The "Siren of Canosa", from Italy, was said to be among items buried with the dead, to guide them on the after-life journey

This terracotta figure, from around 340 to 300B.C, has the feet, wings and tail of a bird and bears traces of its original white pigment.

The sculpture is housed in the National Archaeological Museum of Madrid, Spain.

Siren of Canosa 340 to 300B.C National Archaeological Museum of Madrid, Spain.
Siren of Canosa 340 to 300B.C
National Archaeological Museum of Madrid, Spain.

How the sirens became confused with mermaids.

As I said at the beginning of this post, I’ll tell you how sirens and mermaids became confused.

Sirens, in Greek mythology, never had the half body of fish, they are half human, and half bird, female creatures, and sirens never lived underwater, but frolicked amongst flowers, in the meadows of rocky islands.

As we see time and time again, by the fourth century A.D, when Christianity began to spread throughout the Western world, all pagan beliefs, and that includes Greek mythology, were considered evil, and the customs and stories, were either changed, to suit Christian belief, or, benevolent beings, became malevolent.

Incorrect translations also play a part, as we saw in the case of my post about the Daimons of ancient Greece.

Such was the case with sirens.

Henrietta Rae (1859–1928
Henrietta Rae (1859–1928

Belief in sirens was discouraged, and, although Jerome, priest, confessor, theologian and historian, used the word “Siren” to translate the Hebrew word “Tannim”, meaning jackals, in “Isaiah 13:22” and as the word “Owl” in “Jeremiah 50:39”, when he produced the Latin Vulgate version of the Scriptures, Ambrose (Bishop of Milan), explained this to be a mere symbol or allegory for worldly temptations, and not an endorsement of the Greek myth.

The Etymologies of Isidore of Seville,an etymological encyclopedia compiled by Isidore of Seville c. 560–636), states;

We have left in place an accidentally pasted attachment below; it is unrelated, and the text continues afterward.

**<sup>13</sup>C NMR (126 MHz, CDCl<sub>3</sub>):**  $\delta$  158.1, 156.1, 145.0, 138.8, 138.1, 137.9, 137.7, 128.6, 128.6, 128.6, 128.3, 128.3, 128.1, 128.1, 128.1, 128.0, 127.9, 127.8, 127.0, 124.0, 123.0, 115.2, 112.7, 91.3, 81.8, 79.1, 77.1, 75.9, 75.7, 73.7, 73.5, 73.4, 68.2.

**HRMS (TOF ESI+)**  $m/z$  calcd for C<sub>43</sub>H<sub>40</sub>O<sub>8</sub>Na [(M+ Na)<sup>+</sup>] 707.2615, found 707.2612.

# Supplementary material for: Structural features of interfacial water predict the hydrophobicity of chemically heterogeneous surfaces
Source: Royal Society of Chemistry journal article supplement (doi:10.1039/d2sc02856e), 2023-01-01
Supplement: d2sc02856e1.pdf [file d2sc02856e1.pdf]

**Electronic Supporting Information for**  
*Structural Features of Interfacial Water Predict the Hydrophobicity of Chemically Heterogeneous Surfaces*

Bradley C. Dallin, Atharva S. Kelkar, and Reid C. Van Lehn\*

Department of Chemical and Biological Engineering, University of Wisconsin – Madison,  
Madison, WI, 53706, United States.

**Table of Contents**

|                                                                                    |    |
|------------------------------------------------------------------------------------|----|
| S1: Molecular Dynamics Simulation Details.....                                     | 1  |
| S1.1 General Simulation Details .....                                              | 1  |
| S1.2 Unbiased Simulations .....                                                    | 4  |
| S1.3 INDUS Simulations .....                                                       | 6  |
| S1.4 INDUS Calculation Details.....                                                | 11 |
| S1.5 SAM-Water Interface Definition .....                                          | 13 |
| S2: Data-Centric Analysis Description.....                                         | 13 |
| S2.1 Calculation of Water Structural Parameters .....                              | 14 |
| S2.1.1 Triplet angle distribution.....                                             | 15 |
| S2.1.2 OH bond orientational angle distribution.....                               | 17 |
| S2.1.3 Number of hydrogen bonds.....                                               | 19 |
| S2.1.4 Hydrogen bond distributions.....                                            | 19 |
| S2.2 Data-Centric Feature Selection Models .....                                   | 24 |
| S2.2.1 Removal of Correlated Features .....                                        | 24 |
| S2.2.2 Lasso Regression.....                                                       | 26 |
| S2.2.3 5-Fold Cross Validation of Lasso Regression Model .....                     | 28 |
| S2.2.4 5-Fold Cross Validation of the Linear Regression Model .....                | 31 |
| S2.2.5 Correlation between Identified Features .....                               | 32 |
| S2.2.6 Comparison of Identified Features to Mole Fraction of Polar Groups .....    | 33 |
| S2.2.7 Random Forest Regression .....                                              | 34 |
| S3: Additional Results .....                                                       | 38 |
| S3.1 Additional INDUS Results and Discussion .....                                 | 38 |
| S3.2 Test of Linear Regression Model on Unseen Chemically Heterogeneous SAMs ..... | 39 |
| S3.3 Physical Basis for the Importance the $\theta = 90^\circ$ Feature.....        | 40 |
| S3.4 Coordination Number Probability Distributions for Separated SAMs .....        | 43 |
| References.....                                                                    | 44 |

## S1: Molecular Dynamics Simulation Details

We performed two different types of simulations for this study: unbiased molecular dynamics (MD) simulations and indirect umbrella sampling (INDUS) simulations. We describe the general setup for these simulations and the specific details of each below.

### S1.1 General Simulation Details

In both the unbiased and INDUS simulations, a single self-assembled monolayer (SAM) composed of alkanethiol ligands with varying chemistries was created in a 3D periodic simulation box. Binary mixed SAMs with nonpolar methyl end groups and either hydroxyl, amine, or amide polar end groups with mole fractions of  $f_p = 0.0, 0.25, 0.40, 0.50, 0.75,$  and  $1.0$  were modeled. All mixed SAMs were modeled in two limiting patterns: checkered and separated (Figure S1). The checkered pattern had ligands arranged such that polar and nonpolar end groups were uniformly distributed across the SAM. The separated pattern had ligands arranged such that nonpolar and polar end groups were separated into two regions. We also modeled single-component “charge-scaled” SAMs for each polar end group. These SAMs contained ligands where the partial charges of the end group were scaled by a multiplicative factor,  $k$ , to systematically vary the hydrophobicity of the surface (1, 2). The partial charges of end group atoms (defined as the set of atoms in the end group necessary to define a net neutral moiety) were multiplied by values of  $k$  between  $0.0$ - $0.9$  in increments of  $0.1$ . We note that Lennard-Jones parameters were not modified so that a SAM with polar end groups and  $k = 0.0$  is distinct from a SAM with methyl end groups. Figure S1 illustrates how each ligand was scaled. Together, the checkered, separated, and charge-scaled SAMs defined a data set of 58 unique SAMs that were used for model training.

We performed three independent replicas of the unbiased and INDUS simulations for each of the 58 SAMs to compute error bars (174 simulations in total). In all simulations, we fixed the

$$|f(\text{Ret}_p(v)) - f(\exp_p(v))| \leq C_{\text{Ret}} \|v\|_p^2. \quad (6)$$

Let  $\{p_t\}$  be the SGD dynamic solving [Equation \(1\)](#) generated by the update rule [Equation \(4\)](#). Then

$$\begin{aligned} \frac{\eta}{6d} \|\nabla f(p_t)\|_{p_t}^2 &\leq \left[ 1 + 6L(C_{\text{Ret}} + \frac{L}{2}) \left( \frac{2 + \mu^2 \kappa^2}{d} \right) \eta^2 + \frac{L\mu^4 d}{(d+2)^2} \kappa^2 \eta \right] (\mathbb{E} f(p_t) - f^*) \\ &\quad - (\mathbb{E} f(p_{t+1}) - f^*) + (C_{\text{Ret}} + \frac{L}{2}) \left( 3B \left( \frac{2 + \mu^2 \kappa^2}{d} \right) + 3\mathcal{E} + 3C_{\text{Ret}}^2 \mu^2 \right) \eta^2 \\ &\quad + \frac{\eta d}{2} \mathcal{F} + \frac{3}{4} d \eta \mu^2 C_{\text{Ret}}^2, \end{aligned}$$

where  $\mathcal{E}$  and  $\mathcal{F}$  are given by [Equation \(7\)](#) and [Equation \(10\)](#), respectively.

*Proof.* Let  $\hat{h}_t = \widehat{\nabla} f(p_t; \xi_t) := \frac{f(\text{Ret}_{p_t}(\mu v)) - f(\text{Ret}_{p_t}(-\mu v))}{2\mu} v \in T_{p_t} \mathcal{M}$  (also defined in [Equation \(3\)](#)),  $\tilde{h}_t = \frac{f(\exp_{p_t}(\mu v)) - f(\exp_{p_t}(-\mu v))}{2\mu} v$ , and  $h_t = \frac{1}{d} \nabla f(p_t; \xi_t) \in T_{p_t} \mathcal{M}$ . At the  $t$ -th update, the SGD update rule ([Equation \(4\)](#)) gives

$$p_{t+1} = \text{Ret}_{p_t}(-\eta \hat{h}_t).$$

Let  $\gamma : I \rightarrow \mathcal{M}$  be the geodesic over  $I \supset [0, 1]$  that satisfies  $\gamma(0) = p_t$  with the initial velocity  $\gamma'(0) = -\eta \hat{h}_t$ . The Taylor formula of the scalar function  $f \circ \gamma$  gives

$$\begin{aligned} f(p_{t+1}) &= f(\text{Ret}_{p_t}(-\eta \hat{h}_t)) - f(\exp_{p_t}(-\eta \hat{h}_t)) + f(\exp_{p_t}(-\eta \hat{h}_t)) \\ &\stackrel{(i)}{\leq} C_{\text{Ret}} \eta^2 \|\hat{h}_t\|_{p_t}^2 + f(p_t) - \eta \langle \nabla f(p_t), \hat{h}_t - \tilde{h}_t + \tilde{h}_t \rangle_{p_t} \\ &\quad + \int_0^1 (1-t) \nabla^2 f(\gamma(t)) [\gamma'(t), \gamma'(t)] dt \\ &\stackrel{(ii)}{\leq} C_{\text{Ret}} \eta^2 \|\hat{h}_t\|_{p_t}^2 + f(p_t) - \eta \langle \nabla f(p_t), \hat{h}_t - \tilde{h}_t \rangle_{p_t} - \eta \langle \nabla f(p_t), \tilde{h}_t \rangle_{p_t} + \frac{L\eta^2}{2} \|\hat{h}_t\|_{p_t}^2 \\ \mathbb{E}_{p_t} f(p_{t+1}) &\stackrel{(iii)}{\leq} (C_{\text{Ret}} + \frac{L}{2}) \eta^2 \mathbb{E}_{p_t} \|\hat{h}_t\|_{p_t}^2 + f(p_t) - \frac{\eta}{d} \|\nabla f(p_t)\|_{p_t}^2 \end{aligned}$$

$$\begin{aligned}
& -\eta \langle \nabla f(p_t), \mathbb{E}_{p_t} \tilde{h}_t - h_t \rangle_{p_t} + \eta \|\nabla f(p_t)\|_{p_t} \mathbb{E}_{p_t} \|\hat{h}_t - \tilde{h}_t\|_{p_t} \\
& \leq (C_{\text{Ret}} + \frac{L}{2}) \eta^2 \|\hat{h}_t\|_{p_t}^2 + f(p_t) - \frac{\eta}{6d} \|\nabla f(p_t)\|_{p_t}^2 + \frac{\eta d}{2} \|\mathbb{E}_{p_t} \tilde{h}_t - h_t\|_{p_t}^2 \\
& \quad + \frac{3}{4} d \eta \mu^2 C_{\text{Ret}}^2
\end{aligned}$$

"They (the Greeks) imagine that 'there were three Sirens, part virgins, part birds,' with wings and claws.

’One of them sang, another played the flute, the third the lyre.

 They drew sailors, decoyed by song, to shipwreck.

 According to the truth, however, they were prostitutes, who led travelers down to poverty and were said to impose shipwreck on them.

 They had wings and claws because Love flies and wounds.

 They are said to have stayed in the waves because a wave created Venus."

The birth of Venus. (Aphrodite) Oil on Canvas.   John Bulloch Souter.(1890-1972)
The birth of Venus. (Aphrodite) Oil on Canvas.
 John Bulloch Souter.(1890-1972)

And here is the clue “Venus”, the Latin term for Aphrodite, the Greek goddess of love, beauty, pleasure, and procreation, all qualities frowned on by the Christian church.

Aphrodite, was born from the waves, she was created in the sea, and, according to Isidore of Seville, in his “Etymologiae”, that’s where the sirens lived, among the waves of the sea, just as mermaids do!

So, now, today, sirens are seen as mermaids, female figures of dangerous temptation.

A Mermaid John William Waterhouse
A Mermaid
John William Waterhouse